Born close to Diré near the Timbuktu region of northern Mali, Ibrahima Samba Touré is a successful Malian guitarist and singer. The quality of Samba’s artistry is best signified by that fact he used to be in Ali Farka Touré’s band and was invited by Toumani Diabaté to recreate his mentor’s work on his Ali Farka Touré Variations tour.
This week’s track comes from his most recent album “Albala” which means “Danger” and has many politically motivated tracks on it, as well as those created as a response to Samba’s experience with the recent turmoil. He is known for his cool and glittering guitar solos backed by a hypnotic roll of acoustic, bass and electric guitars in an “insistent” rhythm section. In this manner “Be Ki Don” does not disappoint.
This week sees Mali celebrate its 53rd year of independence from France. Due to the intense sadness of recent years and the recovery that is battling bravely into life, this year’s independence parties and ceremonies will no doubt have a different feel to them. Amongst the celebrations it appears that for many the day will still be a time to reflect and look back on what Mali has endured. The new President will use the day as a way of forwarding national reconciliation by organising a get together of all former Heads of State, including previous military leaders.
Back in February, some argued persuasively that the military intervention of France would undermine the perceived independence of Mali in months and years to come. On the other hand, it is widely accepted that the French intervention “brought Mali back from the brink” of total collapse.
Independence is a difficult concept to measure. Perhaps Mali’s sense of independence is still on the mend and the successful election process has been the most important aspect in its re-assertion since the intervention – Malians can begin to feel that they are back in control of their country.
Is it the same country?
This week’s track is from way back, long before Mali was a democracy. It has an undetermined date of when it was first written and it was recorded originally in the 1970s. “Timbindy” was released on Ali’s 1984 “Red” album – so called due to the bright red sleeve the record was contained in. Legendary broadcaster Andy Kershaw first heard of Ali Farka Touré by a chance selection from a Parisian record shop’s bargain-bin. Immediately it was clear to him – his radio listeners – that this guy was special and had “just got it” and soon Farka Touré was in the UK and his world wide fame flourished. Many Malians will reflect, remember and reconcile this weekend. Looking back provides us with reasons to look ahead too. Difficulties hit the Sahel in the early 90s, with violence in the north and political unrest and revolution resulted in deaths and political instability. Democracy, stability and economic growth eventually won the day, yet the recent return to violence has made many question if this was ever the recovery they thought they had achieved. Nevertheless, Mali’s people can be hopeful that their country will recover. The 12 months since their last independence day have been the some of the most difficult of Mali’s modern history. Again, democracy and stability prevailed. Of course the situation remains incredible fragile and complex. And although Mali’s resilience is difficult to explain, it is easy to observe.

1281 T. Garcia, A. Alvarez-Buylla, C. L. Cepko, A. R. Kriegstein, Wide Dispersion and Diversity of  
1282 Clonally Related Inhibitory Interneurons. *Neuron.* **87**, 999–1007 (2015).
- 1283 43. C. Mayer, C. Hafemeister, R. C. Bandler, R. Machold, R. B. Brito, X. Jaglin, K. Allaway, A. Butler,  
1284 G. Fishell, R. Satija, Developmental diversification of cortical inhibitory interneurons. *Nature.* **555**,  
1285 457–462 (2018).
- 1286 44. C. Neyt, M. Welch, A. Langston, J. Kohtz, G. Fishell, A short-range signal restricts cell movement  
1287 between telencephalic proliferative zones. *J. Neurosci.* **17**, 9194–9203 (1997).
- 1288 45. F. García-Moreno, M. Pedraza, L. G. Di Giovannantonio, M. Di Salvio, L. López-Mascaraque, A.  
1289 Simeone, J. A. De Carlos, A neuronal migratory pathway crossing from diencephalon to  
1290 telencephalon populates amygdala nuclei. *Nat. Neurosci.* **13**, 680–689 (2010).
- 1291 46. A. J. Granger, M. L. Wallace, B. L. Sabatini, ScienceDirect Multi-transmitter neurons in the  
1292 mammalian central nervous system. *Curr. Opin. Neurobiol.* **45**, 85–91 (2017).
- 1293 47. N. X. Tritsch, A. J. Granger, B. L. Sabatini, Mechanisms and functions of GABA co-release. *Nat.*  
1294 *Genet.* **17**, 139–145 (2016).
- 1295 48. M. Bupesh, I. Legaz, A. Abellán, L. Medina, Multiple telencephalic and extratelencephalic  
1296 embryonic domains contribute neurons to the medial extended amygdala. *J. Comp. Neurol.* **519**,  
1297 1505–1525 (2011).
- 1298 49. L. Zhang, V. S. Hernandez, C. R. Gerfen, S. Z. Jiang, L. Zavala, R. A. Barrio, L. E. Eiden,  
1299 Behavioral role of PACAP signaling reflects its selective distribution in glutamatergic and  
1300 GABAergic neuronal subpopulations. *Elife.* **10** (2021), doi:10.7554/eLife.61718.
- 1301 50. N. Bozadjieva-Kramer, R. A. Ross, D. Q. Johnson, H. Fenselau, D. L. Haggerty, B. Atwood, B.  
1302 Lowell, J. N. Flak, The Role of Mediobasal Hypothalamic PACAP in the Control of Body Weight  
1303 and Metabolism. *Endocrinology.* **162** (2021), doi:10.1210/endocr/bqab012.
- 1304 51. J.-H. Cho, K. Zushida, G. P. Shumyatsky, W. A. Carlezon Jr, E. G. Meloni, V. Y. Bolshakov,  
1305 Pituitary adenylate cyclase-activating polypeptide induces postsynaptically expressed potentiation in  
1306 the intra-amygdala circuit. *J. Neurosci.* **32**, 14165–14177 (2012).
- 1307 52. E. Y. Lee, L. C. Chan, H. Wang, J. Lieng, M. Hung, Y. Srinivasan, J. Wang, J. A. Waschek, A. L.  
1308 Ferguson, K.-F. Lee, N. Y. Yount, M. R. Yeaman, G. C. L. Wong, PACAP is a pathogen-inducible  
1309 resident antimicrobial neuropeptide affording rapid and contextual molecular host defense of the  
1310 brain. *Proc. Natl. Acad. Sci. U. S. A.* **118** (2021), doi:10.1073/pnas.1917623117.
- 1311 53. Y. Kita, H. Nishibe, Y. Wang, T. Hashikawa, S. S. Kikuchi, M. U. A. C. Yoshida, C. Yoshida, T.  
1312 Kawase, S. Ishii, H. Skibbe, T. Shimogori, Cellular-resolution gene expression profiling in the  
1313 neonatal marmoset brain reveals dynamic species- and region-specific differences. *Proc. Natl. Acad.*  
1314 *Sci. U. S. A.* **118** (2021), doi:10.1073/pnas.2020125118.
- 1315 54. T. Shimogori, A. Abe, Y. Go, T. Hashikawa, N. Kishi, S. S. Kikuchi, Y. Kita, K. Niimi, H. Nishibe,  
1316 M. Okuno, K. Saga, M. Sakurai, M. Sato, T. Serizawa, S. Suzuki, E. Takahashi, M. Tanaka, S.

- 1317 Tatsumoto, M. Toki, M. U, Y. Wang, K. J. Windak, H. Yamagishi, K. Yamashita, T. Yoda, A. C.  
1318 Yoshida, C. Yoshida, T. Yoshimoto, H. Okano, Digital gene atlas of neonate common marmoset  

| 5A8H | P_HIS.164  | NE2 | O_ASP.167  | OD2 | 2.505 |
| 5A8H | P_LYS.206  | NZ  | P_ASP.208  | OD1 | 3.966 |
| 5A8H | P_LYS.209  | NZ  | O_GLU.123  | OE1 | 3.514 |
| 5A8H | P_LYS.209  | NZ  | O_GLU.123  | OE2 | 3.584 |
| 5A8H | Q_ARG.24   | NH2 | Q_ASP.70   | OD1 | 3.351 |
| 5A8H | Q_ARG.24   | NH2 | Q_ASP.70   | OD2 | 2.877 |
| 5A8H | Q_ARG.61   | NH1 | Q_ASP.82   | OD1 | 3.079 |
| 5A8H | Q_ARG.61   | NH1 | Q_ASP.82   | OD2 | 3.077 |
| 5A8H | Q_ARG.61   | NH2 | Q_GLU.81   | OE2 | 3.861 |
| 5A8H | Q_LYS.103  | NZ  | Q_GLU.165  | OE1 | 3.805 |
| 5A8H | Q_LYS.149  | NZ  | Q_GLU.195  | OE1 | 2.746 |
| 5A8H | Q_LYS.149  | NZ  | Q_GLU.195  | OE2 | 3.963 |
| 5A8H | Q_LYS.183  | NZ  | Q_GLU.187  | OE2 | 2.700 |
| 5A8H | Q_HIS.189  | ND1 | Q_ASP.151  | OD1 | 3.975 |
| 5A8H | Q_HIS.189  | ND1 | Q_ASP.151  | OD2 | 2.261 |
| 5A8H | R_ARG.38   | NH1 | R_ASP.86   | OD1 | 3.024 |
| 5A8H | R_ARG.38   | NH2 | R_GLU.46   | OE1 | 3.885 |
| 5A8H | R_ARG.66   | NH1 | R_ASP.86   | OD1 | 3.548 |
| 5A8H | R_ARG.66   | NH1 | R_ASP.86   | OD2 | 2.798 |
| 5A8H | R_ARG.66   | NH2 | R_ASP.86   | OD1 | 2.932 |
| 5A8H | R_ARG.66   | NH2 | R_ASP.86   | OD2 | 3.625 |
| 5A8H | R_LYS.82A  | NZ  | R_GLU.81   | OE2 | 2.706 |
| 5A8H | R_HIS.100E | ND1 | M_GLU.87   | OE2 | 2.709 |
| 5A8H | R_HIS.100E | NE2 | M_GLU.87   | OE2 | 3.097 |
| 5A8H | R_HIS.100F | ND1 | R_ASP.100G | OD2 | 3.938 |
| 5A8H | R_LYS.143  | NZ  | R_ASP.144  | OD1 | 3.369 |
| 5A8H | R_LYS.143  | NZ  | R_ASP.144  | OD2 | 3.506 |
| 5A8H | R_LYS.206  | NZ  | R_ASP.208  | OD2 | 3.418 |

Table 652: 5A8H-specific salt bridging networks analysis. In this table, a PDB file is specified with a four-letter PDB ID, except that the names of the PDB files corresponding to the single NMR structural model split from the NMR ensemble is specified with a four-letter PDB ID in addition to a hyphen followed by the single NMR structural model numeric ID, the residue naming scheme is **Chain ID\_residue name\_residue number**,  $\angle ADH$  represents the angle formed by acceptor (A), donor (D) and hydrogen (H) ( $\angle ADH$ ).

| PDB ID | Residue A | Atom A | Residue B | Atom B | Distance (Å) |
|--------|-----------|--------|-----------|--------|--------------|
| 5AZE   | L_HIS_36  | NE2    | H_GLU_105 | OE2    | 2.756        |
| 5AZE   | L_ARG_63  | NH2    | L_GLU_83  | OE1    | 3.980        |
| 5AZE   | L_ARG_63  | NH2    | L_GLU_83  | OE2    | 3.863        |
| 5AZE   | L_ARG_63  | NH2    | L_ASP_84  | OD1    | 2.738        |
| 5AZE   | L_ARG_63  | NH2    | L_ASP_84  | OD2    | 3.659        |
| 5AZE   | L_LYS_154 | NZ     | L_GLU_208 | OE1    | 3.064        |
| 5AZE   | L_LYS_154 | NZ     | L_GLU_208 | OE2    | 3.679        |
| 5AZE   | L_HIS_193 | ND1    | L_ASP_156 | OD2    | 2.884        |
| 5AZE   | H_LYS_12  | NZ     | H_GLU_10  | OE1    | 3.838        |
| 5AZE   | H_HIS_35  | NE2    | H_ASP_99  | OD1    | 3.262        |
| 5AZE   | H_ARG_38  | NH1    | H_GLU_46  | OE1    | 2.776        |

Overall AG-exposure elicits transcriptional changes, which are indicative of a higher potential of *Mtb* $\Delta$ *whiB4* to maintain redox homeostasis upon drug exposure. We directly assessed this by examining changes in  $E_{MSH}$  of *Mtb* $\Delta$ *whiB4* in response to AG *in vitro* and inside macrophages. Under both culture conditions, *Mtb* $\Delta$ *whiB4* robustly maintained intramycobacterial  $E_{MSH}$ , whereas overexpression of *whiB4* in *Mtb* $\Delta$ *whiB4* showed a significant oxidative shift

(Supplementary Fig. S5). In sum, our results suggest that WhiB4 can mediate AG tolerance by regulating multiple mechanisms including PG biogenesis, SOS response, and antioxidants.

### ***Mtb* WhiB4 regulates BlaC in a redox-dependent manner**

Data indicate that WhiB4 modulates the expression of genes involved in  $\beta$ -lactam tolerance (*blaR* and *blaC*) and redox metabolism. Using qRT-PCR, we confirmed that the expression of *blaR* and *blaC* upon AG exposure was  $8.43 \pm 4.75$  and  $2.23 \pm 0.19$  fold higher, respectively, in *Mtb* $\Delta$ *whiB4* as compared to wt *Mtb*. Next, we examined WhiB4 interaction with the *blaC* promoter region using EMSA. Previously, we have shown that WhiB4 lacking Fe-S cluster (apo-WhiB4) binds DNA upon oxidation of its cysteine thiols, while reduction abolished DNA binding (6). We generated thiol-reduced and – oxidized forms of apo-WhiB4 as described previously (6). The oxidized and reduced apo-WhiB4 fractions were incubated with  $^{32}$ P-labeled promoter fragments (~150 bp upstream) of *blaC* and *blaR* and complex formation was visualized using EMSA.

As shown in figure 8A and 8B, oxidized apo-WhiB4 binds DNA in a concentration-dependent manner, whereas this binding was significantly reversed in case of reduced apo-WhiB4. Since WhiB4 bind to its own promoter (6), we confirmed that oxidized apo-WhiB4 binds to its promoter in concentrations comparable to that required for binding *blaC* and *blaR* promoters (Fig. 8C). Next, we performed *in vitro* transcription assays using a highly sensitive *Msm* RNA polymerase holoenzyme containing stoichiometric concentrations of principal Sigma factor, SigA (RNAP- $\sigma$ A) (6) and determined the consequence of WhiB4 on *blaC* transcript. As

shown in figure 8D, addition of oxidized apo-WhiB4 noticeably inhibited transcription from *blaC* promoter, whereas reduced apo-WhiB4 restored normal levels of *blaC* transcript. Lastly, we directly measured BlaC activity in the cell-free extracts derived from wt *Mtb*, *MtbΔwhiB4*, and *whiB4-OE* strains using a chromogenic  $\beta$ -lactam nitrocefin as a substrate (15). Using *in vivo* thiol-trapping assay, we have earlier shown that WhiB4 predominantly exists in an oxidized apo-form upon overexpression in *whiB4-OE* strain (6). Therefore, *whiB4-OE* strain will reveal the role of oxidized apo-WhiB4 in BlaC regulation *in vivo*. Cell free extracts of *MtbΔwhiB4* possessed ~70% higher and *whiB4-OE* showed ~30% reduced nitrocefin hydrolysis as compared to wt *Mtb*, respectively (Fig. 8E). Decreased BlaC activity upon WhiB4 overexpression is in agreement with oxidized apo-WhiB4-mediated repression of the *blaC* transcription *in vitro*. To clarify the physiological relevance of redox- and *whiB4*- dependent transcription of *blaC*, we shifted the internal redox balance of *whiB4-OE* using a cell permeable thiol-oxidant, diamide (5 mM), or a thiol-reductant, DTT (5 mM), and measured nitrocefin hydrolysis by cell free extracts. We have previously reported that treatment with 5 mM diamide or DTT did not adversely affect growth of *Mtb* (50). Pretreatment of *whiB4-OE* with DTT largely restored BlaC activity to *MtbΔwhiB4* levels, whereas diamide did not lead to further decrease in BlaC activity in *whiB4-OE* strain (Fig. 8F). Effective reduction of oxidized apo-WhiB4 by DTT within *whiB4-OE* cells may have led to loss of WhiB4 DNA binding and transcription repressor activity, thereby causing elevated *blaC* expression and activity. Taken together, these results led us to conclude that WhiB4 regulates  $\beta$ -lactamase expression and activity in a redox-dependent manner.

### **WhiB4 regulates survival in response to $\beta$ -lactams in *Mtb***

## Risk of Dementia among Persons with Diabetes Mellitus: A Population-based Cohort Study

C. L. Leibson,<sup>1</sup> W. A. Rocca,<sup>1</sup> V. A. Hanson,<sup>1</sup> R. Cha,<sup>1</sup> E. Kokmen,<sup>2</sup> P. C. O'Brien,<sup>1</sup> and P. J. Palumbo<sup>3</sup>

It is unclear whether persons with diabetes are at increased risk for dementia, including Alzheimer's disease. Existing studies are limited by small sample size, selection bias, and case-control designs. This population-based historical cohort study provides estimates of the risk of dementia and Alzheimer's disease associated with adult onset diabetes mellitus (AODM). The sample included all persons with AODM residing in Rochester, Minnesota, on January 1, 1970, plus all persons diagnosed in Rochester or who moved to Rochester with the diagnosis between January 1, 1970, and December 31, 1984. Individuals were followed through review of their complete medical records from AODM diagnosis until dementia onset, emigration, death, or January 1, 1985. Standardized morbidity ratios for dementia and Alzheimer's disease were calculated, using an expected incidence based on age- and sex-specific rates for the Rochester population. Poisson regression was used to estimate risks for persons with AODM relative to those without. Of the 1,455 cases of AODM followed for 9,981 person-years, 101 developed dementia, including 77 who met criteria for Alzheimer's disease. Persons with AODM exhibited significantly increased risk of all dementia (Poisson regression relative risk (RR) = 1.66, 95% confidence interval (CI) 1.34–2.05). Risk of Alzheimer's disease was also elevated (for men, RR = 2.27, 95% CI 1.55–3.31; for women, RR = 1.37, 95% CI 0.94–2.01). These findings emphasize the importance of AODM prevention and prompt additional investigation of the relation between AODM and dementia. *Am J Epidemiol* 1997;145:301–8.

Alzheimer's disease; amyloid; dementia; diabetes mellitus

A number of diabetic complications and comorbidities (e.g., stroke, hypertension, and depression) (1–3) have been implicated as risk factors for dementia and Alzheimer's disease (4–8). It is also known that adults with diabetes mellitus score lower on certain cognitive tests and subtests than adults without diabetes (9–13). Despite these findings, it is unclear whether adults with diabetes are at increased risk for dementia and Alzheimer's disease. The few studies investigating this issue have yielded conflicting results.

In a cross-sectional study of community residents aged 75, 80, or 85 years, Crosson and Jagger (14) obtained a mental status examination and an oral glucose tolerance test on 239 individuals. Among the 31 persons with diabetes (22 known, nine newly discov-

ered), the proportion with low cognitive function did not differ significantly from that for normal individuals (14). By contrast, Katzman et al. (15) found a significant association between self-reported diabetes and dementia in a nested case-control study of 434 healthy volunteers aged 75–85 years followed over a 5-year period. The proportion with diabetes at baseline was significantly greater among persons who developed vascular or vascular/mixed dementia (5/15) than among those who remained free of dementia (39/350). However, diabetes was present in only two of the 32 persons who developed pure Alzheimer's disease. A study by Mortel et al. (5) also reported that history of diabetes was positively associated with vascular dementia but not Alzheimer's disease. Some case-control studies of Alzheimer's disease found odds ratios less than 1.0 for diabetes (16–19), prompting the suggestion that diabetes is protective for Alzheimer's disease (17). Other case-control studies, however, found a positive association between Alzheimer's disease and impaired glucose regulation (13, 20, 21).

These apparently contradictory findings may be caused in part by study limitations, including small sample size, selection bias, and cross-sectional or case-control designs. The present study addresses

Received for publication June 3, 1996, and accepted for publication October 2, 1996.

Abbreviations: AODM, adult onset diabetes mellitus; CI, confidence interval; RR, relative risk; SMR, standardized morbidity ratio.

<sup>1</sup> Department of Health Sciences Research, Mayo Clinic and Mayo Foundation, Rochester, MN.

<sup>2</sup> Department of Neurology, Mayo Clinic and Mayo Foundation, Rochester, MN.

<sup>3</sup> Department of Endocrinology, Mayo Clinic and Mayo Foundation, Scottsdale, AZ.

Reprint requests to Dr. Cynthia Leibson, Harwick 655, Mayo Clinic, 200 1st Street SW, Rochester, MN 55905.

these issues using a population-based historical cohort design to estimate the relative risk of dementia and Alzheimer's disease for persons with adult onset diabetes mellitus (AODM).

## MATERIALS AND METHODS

By going a long way back, this week’s Track of The Week is a small symbolic way of illustrating not only the enduring and timeless strength of Mali’s music, but also of Mali itself.
Ever since the Mali Track of the Week started it has been difficult not to queue-up thirty Ali Farka Touré songs. He was one of Africa’s most internationally recognised musicians and is still the modern reference point for all Malian musicians trying to make it big on the world stage.
There is too much to say about Ali to do him justice here. At the time of his death in March 2006, the BBC 3 broadcast this hour long obituary as a tribute to his life, the spirit of his music, and to mark the passing of a great man – told from the very people who knew him best and loved him most. In particular, the obituary opens with a vibrant snippet of party life on a boat, on the Niger river, heading to Timbuktu and captures the moment that Ali himself climbs aboard. Magical moments. May times like these return in full-swing soon.
So now to the impossible task of finding a track to do all the above justice. This week’s track is taken from his 1994 album “Talking Timbuktu” created in collaboration with American guitarist/producer Ry Cooder – the mastermind producer behind the “Buena Vista Social Club”. It’s the final, parting track on a gift of an album.
So difficult was this choice the Mali Track of the Week will have back-to-back songs from Ali Farka Touré. This is a special gesture to celebrate Mali’s up-coming Independence Day (22nd of September) and also to mark the great progress made by the Mali Development Group over the last 12 months.
Please, above all, enjoy Ali Farka Touré’s “Diaraby”.